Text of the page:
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Microsoft and GE’s Wind Farm in Ireland is a Sprawling Testbed for Fully Renewable Cloud

The 37 megawatts Microsoft will be getting from GE’s new Tullahennal wind farm in County Kerry, Ireland, will bring the total amount of energy the company is getting through renewable generation around the world to 600MW. But its power purchase agreement in Ireland to supply data center energy, announced earlier this month, is about much more than that.

The project is a pilot designed to understand how much energy storage the hyper-scale cloud operator needs to fully run on renewable energy, Brian Janous, Microsoft’s general manager of energy, said in an interview with Data Center Knowledge.

Related: Data Centers Will Invest in Renewables Despite the EPA, Not Because of It

Like other renewable energy sources, wind is intermittent, which makes it inferior to coal or gas-fired power plants in terms of predictability of output. That means regardless of how many wind turbines or photovoltaic panels you string together, you still need conventional generation capacity online to supplement the supply whenever the weather is not optimal for renewable generation. As more and more renewable sources contribute to the overall energy mix, the industry is looking for ways to even out the peaks and troughs without relying on fossil fuel.

The most common technique today is pumping water used by a hydroelectric power plant uphill overnight, when demand is low. Also common are using that cheap off-peak energy to compress air and store it in the caves of old salt mines and storing heat absorbed by solar facilities in molten salt, using it to drive turbines overnight.

Related: Microsoft Launches Pilot Natural Gas-Powered Data Center in Seattle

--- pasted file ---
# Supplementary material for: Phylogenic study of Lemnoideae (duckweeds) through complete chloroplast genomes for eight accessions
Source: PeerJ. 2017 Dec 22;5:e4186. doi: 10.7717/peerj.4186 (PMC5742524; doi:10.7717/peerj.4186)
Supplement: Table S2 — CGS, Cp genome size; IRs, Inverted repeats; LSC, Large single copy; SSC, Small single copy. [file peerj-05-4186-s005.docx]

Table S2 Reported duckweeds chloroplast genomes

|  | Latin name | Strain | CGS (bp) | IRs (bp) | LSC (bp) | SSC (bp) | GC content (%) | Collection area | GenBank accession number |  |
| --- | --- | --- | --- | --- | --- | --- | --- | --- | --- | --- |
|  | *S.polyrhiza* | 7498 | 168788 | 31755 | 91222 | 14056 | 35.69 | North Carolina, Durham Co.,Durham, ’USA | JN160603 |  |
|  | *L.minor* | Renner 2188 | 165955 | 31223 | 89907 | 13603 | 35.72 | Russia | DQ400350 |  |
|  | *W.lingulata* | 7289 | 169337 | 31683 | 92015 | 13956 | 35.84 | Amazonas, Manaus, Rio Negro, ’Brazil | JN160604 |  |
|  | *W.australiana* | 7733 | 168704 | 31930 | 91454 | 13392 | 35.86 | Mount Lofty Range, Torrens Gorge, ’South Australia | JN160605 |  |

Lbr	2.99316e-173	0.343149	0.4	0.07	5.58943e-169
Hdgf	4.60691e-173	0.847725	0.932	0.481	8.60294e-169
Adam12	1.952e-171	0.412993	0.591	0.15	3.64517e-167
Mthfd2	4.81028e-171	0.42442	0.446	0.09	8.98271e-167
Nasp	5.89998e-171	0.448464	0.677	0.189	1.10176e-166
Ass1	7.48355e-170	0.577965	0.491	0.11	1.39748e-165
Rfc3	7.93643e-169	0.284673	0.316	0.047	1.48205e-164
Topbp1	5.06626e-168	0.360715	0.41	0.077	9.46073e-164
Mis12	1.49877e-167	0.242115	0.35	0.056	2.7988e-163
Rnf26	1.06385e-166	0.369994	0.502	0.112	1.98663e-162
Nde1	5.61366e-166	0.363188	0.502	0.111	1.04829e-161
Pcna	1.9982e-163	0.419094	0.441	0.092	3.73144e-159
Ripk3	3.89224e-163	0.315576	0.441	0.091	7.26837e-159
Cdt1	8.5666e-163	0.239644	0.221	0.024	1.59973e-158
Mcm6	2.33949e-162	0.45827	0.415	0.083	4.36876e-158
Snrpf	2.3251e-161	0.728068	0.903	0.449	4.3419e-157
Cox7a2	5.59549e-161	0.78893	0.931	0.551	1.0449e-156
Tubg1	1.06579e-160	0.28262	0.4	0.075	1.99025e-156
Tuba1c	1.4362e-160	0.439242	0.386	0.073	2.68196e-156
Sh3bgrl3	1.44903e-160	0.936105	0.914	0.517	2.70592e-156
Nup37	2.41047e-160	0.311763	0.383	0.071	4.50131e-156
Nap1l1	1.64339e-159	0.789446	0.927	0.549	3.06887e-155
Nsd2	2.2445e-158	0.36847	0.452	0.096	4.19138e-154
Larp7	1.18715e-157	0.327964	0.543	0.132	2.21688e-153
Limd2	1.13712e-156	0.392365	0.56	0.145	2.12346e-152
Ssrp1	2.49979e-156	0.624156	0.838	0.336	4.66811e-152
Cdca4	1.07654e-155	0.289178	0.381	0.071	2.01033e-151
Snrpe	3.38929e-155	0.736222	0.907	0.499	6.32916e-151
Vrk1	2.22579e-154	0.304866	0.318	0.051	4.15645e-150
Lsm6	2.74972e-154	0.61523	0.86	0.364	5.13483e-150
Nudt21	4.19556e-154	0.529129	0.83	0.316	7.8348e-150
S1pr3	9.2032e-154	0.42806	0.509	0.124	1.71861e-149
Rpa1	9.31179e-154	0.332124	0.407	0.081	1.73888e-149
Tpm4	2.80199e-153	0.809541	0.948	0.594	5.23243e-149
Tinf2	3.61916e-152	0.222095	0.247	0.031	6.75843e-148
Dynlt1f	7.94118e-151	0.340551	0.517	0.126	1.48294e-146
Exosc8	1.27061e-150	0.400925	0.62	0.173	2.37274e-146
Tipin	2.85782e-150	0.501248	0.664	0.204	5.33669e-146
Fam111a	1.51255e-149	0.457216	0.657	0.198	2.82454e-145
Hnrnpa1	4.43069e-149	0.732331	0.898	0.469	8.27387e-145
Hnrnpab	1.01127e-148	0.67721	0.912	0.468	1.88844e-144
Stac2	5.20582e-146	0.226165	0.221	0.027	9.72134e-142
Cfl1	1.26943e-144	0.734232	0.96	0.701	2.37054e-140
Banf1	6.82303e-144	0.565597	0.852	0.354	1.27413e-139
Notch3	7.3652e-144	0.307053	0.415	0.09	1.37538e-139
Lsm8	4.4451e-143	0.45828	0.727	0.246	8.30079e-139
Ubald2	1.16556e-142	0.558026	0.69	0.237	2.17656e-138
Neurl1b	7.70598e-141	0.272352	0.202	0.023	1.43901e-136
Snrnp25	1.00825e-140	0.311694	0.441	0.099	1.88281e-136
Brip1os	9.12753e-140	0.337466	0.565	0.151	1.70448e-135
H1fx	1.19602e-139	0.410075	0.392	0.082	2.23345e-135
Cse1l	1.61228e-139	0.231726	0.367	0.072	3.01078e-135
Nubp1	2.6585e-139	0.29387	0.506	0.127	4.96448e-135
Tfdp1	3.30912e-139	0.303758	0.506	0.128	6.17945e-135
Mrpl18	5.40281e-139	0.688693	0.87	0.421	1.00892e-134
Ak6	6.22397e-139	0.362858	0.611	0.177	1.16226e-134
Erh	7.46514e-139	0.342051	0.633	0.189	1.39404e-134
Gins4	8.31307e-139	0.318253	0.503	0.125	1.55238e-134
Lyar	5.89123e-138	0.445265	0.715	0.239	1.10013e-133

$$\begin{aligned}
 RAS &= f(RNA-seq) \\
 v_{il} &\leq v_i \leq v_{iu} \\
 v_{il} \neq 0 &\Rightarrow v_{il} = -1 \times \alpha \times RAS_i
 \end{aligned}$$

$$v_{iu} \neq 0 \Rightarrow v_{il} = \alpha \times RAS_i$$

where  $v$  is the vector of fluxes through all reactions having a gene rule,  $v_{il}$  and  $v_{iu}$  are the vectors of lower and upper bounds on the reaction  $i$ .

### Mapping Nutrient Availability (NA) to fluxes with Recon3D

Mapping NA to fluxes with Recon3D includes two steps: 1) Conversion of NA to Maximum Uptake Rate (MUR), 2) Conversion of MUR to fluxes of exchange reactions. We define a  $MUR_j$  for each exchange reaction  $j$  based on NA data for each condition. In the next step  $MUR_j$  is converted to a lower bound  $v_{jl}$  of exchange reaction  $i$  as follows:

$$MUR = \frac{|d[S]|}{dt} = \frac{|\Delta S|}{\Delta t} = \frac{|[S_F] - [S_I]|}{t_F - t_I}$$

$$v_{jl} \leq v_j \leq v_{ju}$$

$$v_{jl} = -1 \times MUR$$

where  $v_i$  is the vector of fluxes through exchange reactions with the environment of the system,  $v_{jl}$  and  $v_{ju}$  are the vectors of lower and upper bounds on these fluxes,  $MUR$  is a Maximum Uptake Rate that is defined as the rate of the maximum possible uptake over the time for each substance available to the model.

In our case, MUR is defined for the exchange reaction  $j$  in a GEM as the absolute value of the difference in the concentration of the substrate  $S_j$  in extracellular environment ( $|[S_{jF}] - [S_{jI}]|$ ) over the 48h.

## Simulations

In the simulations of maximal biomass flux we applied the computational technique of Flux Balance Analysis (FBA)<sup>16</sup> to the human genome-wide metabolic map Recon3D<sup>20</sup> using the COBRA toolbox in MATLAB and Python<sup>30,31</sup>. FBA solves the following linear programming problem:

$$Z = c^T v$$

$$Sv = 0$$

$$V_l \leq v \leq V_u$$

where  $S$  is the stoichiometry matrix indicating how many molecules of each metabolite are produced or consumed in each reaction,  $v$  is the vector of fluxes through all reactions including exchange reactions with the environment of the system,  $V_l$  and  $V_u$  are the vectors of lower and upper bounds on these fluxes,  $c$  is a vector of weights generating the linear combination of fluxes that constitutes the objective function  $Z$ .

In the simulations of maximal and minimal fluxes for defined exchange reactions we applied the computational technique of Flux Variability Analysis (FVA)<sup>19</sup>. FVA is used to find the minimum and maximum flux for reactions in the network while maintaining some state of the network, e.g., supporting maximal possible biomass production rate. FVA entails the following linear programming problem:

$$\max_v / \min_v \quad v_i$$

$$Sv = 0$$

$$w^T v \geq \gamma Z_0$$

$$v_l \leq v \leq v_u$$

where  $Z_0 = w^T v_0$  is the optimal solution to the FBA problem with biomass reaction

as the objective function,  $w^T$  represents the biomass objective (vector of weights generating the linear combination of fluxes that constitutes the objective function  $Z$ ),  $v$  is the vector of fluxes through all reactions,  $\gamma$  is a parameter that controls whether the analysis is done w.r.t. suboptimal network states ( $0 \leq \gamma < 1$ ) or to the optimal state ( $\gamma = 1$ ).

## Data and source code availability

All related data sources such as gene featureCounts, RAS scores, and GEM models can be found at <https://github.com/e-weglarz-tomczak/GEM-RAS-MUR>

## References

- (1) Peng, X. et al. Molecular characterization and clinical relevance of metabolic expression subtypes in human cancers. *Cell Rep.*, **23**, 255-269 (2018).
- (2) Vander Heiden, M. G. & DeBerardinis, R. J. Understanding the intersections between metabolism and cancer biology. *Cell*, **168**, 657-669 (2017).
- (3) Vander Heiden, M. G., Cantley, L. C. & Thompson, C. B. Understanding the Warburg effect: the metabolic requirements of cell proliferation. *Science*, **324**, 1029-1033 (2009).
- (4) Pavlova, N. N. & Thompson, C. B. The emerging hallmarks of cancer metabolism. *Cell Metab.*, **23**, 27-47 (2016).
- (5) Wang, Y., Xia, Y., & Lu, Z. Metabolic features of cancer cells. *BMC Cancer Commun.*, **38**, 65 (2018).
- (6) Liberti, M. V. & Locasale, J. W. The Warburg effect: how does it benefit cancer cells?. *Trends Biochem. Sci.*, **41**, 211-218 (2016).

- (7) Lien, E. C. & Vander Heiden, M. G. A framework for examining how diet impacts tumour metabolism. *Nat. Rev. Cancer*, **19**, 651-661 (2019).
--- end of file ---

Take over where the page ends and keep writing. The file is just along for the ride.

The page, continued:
Microsoft and GE are taking a simpler and smaller-scale approach, pairing each wind turbine with an integrated battery. The idea is to use GE’s industrial analytics solution, Predix, to combine weather forecasts and a “digital twin” of the turbine (GE’s name for the totality of data available about an industrial asset, which includes things like sensor data, service information, and reports from other turbines) to predict how much power each turbine is going to generate.

If a turbine produces more power than the grid needs, the excess gets stored in the battery; if it doesn’t produce as much power as predicted because the wind speed has fallen, the battery can top up the output. That makes the wind farm’s power output more consistent and predictable (a must for a data center energy supply) and brings it online more quickly when there’s demand.

That sounds so logical, you might wonder why it’s not already common. This is the first production wind farm in Europe with integrated batteries, although GE has been selling hybrid wind turbines with battery cabinets since 2013 and can retrofit batteries to existing turbines, while rival Vestas tested a lithium ion battery on a turbine in Denmark the same year. (This is also Microsoft’s first renewable energy project outside the US.)

Predictive analytics has become much more powerful in the last few years – and batteries are dropping in price. “Part of the reason that it hasn’t generally been done is that batteries on the whole are expensive,” Janous told us. “We’re getting to the point now with the cost decline in batteries that this is the beginning of what I expect to be a longer-term trend with the integration of renewables and storage.”

The Tullahennal wind farm has what he calls a relatively small amount of short-term storage. “With this pilot, what we’re really trying to do is show the viability of this solution to do the integration of wind and batteries. The focus we have is proving that the technology can work in the field. We have other projects where we’re working on longer-duration batteries, like flow batteries, but there’s still some work to be done on discovering what does the electrical grid actually need in terms of storage and how best to integrate it; so we’re casting a relatively wide net right now.”

How Much Energy Storage is Enough?
There are still some fundamental questions about what storage is needed for renewables. One of them has to do with the amount of storage you need. “People think that if you put 400MW of wind or solar on the grid … you need 400MW of storage to integrate that, and you really don’t. You need something far less than that, because there’s a tremendous amount of variation on the grid, in terms of demand and variability.”

Read full article at DataCenter Knowledge